11. Very sentimental, a great piece. Who could fail to be genuinely upset for those seriously injured, and not just those close to heart. Many a career has been lost to accidents, just as many to reckless, mistimed tackles, and a few to malicious tackles that clearly break the rules. When was the last time that anyone was injured through law breaking?


  12. you just brought tears 2 my eyes. Its so sad; I loved Dudu so much i rmb that flicked goal on his return?! Wish him all the best, lookin 4wd 2 seeing him again!

    Rambo, oh God help that boy! He showed desire, heart n verve i last saw wit Flamini. Hope he has not lost it. I pray he has nt lost it.

  13. @Finsbury g8 Quote there. Quite true. In yester years we had Viera, Keane, G.McAllister, D.Wise etC tough -tackling guys, midfield hardmen who never broke a leg. Whats happening now?

  14. “I think Eduardo said goodbye to Arsenal on the day that Ramsey got his leg broken”

    Unfortunately I think that is true. Amongst my memories of that day were the ‘oh no not again’ looks on many of the players, some of whom were experiencing those emotions for the third time. I hope the same is not true of Cesc, but to be honest, the way we are targeted; I would not blame anyone who wanted to get out.

    On the other side, I am really looking forward to the reception Eduardo gets on Tuesday. It hopefully will be something special.

  15. well said… and look what heppened few weeks back in the newcastle v man shity game!!! young boy ben arfa got his leg broken in two by de jong,THE ref didnt even show a card.fa didnt tkae no action as yet,atleast dutch national coach had something to say about him and excluded him from the team…believe me every player wants to play in epl,but seeing horible and needless takles like they will think twice coming over here…such a pitty we lost eduardo because of that,he is a super player,but he will never be the same… this has to end asap or we will have to watch fucking ryan shawcross like players in epl…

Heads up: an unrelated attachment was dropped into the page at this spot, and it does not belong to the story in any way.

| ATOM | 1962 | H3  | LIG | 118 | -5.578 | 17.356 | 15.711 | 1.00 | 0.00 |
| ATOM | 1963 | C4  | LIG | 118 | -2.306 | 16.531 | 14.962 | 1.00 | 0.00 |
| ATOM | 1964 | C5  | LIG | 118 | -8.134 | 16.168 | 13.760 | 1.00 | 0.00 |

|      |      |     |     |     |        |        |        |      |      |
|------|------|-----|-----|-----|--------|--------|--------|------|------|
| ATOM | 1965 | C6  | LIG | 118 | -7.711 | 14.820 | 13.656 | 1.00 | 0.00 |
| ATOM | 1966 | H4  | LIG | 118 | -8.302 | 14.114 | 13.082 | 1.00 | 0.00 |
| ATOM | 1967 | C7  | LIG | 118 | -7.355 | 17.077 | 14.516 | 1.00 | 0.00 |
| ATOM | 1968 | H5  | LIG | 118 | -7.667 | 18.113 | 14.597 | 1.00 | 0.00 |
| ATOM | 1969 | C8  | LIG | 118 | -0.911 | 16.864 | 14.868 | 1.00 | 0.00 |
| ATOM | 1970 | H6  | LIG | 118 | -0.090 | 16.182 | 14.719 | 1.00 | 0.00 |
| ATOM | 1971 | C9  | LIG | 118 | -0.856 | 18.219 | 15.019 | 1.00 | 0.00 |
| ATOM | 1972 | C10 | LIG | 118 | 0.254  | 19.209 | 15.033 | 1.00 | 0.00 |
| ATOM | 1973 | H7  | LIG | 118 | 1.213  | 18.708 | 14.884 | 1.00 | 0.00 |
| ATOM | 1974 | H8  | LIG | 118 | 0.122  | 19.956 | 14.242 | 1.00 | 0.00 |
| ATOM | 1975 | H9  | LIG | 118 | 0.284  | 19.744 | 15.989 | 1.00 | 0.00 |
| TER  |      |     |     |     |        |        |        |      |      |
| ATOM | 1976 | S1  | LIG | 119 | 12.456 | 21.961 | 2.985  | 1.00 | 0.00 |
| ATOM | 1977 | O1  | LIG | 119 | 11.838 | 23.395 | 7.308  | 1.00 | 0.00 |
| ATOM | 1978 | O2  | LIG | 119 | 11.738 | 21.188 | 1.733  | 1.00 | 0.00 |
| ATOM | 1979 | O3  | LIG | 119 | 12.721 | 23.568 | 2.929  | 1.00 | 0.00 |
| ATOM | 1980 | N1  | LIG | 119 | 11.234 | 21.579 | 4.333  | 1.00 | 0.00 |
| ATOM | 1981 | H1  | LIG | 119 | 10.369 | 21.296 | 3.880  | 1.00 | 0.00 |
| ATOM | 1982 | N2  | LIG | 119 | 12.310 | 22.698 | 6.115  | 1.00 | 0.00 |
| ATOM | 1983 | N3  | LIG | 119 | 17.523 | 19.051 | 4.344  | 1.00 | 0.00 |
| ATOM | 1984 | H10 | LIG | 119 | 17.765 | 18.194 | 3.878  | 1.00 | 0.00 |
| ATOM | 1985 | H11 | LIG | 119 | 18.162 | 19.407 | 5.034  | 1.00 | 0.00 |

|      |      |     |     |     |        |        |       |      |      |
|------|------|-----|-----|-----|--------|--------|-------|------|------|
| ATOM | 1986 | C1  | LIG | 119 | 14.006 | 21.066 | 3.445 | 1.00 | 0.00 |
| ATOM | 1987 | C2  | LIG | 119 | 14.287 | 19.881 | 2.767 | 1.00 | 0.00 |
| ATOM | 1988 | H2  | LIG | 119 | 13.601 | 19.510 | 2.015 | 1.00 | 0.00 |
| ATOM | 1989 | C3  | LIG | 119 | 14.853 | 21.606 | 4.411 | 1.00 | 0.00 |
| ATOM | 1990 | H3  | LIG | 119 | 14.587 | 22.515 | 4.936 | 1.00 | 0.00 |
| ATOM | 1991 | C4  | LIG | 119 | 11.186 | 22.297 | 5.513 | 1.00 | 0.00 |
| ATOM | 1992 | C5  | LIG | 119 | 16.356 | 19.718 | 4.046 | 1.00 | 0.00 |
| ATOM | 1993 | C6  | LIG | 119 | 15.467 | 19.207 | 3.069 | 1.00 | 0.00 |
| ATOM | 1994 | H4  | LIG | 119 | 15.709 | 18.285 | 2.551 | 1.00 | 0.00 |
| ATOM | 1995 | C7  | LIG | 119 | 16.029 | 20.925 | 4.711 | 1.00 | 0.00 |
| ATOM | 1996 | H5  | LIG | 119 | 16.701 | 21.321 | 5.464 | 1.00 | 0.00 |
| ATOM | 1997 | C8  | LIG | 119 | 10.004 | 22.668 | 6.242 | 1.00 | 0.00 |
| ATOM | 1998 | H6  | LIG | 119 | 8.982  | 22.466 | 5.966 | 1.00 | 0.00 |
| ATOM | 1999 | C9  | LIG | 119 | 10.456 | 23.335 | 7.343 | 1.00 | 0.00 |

16. @RuFusstan,

    Watch any Arsenal Game and see how much Cesc is targeted as the main man for Arsenal. He is kicked all over the park.

  17. Thanks Walter for opening my eyes to something that id never thought of. Im still angry about what happened to Diaby, shocked at the Eduardo challenge but Ramsey’s im still numb. The ruling body that presides over our game, will not learn this lesson.
    However no matter how a manager prepares a team tactically the responsibility as to how a player conducts himself on the pitch lay solely with the individual.
    I like the rules in rugby especially rule 10. It covers all manners of sins that we regularly see in football
    Read for yourself. http://www.irb.com/mm/Document/LawsRegs/0/070110LGLAW10red_667.pdf

  18. Believe me, I know exactly how much he gets targeted. The comment was more in hope that the continual tackling hasn’t got to him yet.

  19. Adam,

    I also always try to compare Rugby Laws to Football since I used to referee Rugby. I particulary love the part of “Repeated Infringements” section which makes a point of stating that intention is irrelevant.

    But of course Football is a man’s game and Rugby……. uh, okay. Hmmm.

    I’ve said it before and I will say it again, to play ANY SPORT without due care and caution for the health of your opponent is NOT being a man. It is being a childish coward.